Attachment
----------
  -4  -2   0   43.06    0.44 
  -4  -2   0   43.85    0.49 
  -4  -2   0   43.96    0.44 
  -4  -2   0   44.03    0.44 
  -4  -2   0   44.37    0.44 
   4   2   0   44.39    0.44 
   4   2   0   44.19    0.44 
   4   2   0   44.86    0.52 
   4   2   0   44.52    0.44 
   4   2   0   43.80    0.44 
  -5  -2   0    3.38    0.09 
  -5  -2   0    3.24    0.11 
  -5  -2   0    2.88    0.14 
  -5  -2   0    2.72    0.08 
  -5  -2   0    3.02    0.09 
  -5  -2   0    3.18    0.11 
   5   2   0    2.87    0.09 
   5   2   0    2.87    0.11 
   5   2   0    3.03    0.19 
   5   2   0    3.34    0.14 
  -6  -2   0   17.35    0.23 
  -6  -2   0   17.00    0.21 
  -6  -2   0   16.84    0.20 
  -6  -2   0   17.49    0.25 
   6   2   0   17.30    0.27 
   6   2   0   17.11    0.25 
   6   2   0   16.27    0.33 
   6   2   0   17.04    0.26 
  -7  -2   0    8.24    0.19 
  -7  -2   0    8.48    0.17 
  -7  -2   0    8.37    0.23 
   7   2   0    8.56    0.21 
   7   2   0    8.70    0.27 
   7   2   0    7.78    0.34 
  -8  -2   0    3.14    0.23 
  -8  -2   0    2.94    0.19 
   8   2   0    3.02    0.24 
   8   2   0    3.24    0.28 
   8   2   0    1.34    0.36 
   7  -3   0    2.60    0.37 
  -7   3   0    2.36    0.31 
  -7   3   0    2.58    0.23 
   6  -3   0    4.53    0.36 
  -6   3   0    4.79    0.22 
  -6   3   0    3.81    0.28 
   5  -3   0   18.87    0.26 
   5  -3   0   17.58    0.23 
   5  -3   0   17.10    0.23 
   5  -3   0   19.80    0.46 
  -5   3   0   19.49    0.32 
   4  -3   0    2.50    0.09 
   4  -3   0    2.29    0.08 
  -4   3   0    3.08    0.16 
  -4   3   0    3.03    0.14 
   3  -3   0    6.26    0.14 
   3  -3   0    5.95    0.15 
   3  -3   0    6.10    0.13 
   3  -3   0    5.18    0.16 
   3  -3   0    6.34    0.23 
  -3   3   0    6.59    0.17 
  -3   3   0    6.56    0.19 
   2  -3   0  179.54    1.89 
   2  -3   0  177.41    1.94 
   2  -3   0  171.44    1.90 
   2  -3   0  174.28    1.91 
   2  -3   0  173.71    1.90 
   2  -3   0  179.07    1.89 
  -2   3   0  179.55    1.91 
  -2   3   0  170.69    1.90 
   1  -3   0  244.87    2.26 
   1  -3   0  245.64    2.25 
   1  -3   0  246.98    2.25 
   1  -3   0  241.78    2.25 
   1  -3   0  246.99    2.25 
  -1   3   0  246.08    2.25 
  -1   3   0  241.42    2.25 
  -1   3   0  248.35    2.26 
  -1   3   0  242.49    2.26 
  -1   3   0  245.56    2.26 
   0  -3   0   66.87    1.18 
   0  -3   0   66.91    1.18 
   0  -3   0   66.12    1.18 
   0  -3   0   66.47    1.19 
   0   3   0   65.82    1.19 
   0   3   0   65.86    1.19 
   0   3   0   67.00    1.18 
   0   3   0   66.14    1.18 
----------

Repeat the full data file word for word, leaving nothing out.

  -4  -2   0   43.06    0.44 
  -4  -2   0   43.85    0.49 
  -4  -2   0   43.96    0.44 
  -4  -2   0   44.03    0.44 
  -4  -2   0   44.37    0.44 
   4   2   0   44.39    0.44 
   4   2   0   44.19    0.44 
   4   2   0   44.86    0.52 
   4   2   0   44.52    0.44 
   4   2   0   43.80    0.44 
  -5  -2   0    3.38    0.09 
  -5  -2   0    3.24    0.11 
  -5  -2   0    2.88    0.14 
  -5  -2   0    2.72    0.08 
  -5  -2   0    3.02    0.09 
  -5  -2   0    3.18    0.11 
   5   2   0    2.87    0.09 
   5   2   0    2.87    0.11 
   5   2   0    3.03    0.19 
   5   2   0    3.34    0.14 
  -6  -2   0   17.35    0.23 
  -6  -2   0   17.00    0.21 
  -6  -2   0   16.84    0.20 
  -6  -2   0   17.49    0.25 
   6   2   0   17.30    0.27 
   6   2   0   17.11    0.25 
   6   2   0   16.27    0.33 
   6   2   0   17.04    0.26 
  -7  -2   0    8.24    0.19 
  -7  -2   0    8.48    0.17 
  -7  -2   0    8.37    0.23 
   7   2   0    8.56    0.21 
   7   2   0    8.70    0.27 
   7   2   0    7.78    0.34 
  -8  -2   0    3.14    0.23 
  -8  -2   0    2.94    0.19 
   8   2   0    3.02    0.24 
   8   2   0    3.24    0.28 
   8   2   0    1.34    0.36 
   7  -3   0    2.60    0.37 
  -7   3   0    2.36    0.31 
  -7   3   0    2.58    0.23 
   6  -3   0    4.53    0.36 
  -6   3   0    4.79    0.22 
  -6   3   0    3.81    0.28 
   5  -3   0   18.87    0.26 
   5  -3   0   17.58    0.23 
   5  -3   0   17.10    0.23 
   5  -3   0   19.80    0.46 
  -5   3   0   19.49    0.32 
   4  -3   0    2.50    0.09 
   4  -3   0    2.29    0.08 
  -4   3   0    3.08    0.16 
  -4   3   0    3.03    0.14 
   3  -3   0    6.26    0.14 
   3  -3   0    5.95    0.15 
   3  -3   0    6.10    0.13 
   3  -3   0    5.18    0.16 
   3  -3   0    6.34    0.23 
  -3   3   0    6.59    0.17 
  -3   3   0    6.56    0.19 
   2  -3   0  179.54    1.89 
   2  -3   0  177.41    1.94 
   2  -3   0  171.44    1.90 
   2  -3   0  174.28    1.91 
   2  -3   0  173.71    1.90 
   2  -3   0  179.07    1.89 
  -2   3   0  179.55    1.91 
  -2   3   0  170.69    1.90 
   1  -3   0  244.87    2.26 
   1  -3   0  245.64    2.25 
   1  -3   0  246.98    2.25 
   1  -3   0  241.78    2.25 
   1  -3   0  246.99    2.25 
  -1   3   0  246.08    2.25 
  -1   3   0  241.42    2.25 
  -1   3   0  248.35    2.26 
  -1   3   0  242.49    2.26 
  -1   3   0  245.56    2.26 
   0  -3   0   66.87    1.18 
   0  -3   0   66.91    1.18 
   0  -3   0   66.12    1.18 
   0  -3   0   66.47    1.19 
   0   3   0   65.82    1.19 
   0   3   0   65.86    1.19 
   0   3   0   67.00    1.18 
   0   3   0   66.14    1.18 